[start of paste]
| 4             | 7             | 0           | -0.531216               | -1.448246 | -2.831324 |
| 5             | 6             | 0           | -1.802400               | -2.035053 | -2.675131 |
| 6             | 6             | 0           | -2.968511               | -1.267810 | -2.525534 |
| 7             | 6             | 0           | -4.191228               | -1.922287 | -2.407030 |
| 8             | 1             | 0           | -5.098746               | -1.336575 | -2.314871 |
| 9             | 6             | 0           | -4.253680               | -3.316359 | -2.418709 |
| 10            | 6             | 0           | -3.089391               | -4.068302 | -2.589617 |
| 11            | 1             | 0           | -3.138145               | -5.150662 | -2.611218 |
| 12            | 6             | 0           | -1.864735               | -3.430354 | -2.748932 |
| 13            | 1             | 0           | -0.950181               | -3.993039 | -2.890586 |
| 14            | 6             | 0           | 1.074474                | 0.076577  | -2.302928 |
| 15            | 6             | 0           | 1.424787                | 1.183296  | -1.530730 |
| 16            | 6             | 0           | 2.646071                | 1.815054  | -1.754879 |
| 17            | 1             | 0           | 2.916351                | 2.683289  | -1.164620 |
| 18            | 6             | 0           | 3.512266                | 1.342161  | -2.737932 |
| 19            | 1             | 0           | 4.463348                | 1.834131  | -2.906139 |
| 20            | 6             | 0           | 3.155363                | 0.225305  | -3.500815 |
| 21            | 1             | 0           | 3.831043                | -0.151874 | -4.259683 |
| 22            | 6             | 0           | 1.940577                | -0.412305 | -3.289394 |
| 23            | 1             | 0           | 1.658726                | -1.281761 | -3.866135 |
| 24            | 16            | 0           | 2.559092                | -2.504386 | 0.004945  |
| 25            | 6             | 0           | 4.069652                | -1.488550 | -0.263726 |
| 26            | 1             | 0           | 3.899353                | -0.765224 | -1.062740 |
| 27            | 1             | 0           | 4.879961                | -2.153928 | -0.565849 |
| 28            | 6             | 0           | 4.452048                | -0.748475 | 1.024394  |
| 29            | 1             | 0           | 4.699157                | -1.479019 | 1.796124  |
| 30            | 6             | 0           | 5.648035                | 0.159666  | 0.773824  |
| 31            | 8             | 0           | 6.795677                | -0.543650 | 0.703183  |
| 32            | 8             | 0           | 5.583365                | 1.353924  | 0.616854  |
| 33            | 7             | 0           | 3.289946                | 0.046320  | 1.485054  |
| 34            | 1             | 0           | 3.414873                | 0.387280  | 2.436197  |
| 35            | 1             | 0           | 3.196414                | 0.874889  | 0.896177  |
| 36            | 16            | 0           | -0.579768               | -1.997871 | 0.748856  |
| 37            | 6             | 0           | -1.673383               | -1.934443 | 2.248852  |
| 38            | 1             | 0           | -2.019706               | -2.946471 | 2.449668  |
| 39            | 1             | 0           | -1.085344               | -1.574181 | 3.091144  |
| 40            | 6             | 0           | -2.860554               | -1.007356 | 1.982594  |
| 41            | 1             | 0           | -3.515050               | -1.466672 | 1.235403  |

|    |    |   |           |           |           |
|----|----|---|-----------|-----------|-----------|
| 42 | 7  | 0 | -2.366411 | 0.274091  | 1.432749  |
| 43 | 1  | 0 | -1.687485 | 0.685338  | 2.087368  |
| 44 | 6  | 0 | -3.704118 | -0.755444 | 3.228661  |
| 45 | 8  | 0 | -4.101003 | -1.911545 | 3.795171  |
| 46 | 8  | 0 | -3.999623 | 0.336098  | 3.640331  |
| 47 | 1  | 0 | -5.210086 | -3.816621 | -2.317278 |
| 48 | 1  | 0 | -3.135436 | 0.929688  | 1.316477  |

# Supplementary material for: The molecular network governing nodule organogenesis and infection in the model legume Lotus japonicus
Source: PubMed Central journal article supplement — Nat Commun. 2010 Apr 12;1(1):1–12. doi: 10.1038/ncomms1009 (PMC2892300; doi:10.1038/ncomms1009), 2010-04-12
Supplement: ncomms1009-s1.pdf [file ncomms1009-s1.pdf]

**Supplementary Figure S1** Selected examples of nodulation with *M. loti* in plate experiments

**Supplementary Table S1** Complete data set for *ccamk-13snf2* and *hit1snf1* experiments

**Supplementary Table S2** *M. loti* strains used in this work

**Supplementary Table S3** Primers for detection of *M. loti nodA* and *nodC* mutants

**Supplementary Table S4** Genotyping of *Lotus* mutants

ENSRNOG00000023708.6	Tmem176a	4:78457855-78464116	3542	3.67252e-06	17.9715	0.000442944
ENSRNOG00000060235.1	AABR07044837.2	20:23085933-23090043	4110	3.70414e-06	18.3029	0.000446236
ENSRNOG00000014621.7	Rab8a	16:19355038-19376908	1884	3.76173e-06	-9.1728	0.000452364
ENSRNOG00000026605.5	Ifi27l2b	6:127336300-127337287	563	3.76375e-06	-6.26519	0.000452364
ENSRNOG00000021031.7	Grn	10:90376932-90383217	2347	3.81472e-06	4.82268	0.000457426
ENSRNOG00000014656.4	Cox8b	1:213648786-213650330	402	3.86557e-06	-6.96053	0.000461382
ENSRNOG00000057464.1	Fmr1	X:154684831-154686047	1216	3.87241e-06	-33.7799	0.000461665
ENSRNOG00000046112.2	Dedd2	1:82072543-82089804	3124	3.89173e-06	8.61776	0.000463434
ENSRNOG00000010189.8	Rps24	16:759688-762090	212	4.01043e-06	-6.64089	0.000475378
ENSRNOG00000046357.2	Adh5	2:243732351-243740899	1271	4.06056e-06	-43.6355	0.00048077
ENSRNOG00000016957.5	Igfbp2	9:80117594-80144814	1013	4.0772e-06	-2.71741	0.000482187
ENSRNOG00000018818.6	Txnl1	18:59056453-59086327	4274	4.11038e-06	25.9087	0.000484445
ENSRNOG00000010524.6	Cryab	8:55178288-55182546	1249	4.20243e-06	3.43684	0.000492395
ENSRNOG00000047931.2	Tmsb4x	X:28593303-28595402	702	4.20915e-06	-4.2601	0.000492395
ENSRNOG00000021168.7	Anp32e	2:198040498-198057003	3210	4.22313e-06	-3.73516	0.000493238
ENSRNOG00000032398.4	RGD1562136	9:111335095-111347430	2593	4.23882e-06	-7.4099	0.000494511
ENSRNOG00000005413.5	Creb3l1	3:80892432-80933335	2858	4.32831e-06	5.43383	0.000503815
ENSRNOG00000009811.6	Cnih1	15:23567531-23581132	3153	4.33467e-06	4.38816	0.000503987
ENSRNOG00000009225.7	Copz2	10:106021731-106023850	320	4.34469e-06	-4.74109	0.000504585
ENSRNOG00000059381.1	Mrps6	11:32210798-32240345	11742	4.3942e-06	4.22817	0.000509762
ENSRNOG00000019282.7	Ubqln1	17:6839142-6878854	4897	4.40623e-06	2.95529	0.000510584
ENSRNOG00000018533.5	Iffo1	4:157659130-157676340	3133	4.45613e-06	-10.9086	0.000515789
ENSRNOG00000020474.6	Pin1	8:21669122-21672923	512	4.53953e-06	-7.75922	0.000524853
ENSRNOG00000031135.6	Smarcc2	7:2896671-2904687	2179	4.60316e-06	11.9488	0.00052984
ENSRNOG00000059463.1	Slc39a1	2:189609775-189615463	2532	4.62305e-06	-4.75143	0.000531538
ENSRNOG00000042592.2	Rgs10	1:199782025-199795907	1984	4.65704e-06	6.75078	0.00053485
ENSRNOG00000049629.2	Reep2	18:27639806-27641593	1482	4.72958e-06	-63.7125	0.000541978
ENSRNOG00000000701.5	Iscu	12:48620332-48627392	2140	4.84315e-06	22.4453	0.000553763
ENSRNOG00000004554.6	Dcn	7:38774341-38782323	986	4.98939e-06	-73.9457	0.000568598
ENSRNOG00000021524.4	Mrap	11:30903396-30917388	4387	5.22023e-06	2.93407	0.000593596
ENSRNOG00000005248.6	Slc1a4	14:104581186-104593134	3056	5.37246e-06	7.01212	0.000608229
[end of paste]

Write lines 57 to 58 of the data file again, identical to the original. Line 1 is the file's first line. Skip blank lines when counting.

ENSRNOG00000060235.1	AABR07044837.2	20:23085933-23090043	4110	3.70414e-06	18.3029	0.000446236
ENSRNOG00000014621.7	Rab8a	16:19355038-19376908	1884	3.76173e-06	-9.1728	0.000452364